Meth making a comeback
The opioid epidemic that is the scourge of communities throughout this region seems to be abating as addicts are seeking “safer” less deadly drugs to feed their habits. As a result, methamphetamine — a once popular drug of choice that all but disappeared from this area as a result of first the prescription drug and then the heroin and other opioids epidemics — is making a comeback.
“We’ve seen a change in the drug trade,” said Boyd County Sheriff Bobby Jack Woods. “The people that were overdosing, they’re switching. They (meth users) believe they’re less likely to overdose. But something they don’t take into account, they can still overdose on it, and they’re much more likely to end up dying from an illness after repeated use.”
Woods said 80 percent of his office’s undercover buys are now for meth. This time last year, heroin was purchased 80 percent of the time during undercover operations.
The meth now on the street should not be confused with the methamphetamine that plagued this region in the days before first the prescription drug and the opioid epidemics became commonplace in that region. That meth back then was typically homemade varieties concocted in kitchens, motel rooms and other places with the right equipment by untrained people using ingredients then common in household products. Such so-called “shake-n-bake” operations have all but disappeared and the meth now on the streets is crystal meth, also known as “ice.”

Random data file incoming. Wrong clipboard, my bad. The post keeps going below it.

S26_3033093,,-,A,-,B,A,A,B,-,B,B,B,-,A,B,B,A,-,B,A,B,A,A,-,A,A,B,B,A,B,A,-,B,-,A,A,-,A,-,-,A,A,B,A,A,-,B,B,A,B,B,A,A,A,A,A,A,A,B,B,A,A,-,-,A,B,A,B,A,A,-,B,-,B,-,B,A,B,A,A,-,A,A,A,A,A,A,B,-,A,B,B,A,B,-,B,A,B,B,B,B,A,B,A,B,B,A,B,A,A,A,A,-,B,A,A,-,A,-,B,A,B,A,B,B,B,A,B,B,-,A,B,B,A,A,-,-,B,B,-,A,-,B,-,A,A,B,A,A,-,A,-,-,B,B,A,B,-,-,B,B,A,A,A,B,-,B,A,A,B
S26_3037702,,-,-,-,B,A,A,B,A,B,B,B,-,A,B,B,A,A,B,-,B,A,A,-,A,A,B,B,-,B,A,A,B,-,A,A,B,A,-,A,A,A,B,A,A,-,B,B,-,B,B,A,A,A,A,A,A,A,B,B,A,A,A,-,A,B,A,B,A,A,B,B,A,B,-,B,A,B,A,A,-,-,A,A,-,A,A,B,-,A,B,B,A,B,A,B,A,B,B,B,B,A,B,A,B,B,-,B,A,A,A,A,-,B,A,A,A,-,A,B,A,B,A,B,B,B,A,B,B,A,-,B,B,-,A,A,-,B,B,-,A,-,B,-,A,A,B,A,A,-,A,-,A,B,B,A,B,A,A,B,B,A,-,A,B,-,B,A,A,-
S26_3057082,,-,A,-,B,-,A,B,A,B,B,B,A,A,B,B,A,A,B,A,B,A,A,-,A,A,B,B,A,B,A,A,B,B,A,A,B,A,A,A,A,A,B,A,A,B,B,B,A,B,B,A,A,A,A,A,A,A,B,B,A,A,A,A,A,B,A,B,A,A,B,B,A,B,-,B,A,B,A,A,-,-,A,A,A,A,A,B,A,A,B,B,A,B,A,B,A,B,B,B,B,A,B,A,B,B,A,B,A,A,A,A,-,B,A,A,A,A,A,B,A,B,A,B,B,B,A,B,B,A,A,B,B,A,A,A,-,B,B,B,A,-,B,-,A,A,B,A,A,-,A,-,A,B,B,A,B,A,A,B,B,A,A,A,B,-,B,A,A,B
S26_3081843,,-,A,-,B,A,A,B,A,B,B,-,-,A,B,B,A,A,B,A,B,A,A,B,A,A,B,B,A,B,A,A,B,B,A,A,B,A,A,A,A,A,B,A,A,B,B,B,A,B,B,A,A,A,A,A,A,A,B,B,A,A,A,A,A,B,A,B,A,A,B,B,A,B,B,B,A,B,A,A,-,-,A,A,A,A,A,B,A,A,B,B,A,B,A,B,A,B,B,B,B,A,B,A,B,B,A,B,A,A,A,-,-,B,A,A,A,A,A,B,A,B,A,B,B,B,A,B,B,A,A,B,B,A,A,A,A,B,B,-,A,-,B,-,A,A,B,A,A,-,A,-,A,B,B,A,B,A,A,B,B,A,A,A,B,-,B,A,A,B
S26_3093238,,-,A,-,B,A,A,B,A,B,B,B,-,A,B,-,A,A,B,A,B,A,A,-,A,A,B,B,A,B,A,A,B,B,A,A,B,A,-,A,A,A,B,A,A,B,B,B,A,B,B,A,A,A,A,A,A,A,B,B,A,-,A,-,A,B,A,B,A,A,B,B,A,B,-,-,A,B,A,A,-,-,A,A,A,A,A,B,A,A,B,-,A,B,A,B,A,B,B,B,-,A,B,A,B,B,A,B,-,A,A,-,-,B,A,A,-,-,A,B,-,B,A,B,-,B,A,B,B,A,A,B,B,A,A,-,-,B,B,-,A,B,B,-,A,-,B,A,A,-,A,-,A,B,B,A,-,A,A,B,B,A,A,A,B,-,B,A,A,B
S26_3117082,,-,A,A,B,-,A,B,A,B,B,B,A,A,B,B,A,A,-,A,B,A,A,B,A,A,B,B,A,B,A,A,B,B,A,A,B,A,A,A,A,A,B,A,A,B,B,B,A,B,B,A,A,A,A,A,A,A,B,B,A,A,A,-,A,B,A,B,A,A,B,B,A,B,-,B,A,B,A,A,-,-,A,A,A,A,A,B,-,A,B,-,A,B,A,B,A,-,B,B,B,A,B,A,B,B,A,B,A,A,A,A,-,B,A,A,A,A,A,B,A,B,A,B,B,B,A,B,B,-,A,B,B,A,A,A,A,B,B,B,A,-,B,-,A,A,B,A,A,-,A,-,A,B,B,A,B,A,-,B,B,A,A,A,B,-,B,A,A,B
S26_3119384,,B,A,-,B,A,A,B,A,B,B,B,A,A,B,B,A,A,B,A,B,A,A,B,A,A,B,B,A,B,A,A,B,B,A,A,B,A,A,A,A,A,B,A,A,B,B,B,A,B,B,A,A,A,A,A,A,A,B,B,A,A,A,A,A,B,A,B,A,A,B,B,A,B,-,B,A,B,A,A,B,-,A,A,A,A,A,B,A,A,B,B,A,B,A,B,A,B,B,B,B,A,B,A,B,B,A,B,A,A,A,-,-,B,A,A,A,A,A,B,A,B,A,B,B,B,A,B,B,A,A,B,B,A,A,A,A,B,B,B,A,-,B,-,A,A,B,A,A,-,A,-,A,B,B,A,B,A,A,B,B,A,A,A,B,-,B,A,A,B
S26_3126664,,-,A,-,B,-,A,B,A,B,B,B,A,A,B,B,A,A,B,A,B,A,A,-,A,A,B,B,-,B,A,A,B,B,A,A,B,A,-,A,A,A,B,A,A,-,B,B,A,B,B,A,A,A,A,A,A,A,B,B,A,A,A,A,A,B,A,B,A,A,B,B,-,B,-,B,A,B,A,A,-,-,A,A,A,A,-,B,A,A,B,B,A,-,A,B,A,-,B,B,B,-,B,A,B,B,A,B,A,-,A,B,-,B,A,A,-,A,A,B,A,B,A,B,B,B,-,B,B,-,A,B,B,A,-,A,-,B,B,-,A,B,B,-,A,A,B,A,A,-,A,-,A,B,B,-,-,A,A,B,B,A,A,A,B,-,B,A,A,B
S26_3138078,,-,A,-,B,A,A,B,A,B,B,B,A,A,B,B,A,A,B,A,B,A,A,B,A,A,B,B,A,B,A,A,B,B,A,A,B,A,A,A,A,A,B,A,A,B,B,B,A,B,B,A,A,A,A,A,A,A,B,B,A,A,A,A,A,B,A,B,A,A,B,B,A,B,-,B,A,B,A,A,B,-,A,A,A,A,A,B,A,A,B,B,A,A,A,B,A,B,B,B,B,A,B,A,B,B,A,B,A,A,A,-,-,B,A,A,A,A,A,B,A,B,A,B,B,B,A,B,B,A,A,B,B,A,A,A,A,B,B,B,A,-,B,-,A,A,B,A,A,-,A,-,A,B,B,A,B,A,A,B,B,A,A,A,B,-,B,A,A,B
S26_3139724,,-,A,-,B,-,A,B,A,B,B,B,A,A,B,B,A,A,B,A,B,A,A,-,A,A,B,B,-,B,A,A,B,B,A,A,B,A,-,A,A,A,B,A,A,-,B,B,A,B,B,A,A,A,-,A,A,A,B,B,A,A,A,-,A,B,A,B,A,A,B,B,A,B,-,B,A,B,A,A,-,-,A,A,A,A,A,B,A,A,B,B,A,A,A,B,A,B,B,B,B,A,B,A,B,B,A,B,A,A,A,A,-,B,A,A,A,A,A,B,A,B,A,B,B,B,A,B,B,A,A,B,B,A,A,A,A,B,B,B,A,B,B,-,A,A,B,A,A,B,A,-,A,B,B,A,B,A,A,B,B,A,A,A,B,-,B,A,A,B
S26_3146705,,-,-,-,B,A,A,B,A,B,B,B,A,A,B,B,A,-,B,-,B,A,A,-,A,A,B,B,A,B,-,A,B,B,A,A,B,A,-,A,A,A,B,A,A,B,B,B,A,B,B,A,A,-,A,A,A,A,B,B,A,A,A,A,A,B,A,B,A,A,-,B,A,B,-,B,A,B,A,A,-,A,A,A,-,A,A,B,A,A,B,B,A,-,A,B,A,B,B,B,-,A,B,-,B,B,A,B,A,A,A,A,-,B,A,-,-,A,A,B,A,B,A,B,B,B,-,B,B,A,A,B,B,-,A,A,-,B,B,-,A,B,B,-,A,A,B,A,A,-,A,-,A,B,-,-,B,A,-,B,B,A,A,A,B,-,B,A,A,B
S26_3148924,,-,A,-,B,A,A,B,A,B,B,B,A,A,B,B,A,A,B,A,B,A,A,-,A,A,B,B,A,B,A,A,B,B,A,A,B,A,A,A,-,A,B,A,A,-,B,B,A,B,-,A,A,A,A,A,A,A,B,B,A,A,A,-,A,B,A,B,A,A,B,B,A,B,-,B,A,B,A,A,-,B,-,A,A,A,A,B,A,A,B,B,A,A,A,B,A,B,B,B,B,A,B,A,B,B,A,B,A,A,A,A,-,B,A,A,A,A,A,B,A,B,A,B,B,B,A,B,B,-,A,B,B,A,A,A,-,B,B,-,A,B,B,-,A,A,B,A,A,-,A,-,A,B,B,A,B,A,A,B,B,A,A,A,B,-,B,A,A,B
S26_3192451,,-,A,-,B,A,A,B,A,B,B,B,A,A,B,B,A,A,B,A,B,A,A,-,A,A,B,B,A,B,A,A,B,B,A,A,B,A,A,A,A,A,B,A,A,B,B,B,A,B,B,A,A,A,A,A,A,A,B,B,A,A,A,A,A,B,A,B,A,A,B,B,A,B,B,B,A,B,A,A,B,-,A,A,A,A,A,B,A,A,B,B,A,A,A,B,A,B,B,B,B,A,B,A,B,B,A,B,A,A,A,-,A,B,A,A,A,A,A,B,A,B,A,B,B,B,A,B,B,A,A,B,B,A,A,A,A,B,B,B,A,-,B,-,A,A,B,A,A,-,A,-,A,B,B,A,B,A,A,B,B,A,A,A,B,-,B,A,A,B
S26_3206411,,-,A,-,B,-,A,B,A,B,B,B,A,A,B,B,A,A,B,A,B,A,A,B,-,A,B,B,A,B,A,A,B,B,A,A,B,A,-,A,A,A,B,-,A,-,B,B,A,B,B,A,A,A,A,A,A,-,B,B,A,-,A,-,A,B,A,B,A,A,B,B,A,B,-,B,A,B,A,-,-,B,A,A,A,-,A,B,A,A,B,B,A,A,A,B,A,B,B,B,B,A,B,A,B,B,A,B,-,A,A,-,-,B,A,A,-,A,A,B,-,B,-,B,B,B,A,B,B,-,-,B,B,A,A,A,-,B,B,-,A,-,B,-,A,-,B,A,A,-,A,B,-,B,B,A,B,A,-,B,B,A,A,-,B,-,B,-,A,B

“The shake-n-bake labs, those kind of went out in 2014,” said Woods. “The meth they’re bringing in here now is almost pure. Sometimes crystal clear as a glass.”
Methamphetamine may be a little less deadly than heroin and other opioids in the immediate term but make no mistake about it — it is a devastating scourge that will ruin peoples’ lives in short order. There is a mortifying irony in America’s drug epidemic in that now meth is considered a safer drug. This speaks volumes to the lethal potency of the heroin and fentanyl now on the streets. Meth is a highly addictive drug that can and does destroy lives and lead to death. The addict using meth instead of heroin is like the alcoholic switching to another type of alcohol because it is “safer.” It doesn’t work. Just as alcoholics who switch their type are still alcoholics, opioid users who switch to meth are still addicts.
The resurgence of meth is further evidence that the drug problem is never-ending. Just as prescription drug addicts switched to heroin when new laws made it cheaper than prescription drugs, those who profit by feeding the drug habits of others will always find a new way to keep the addict high.
The only real solution to the drug epidemic is educating young people about the perils of drug use and to help addicts kick their habits.
The Daily Independent of Ashland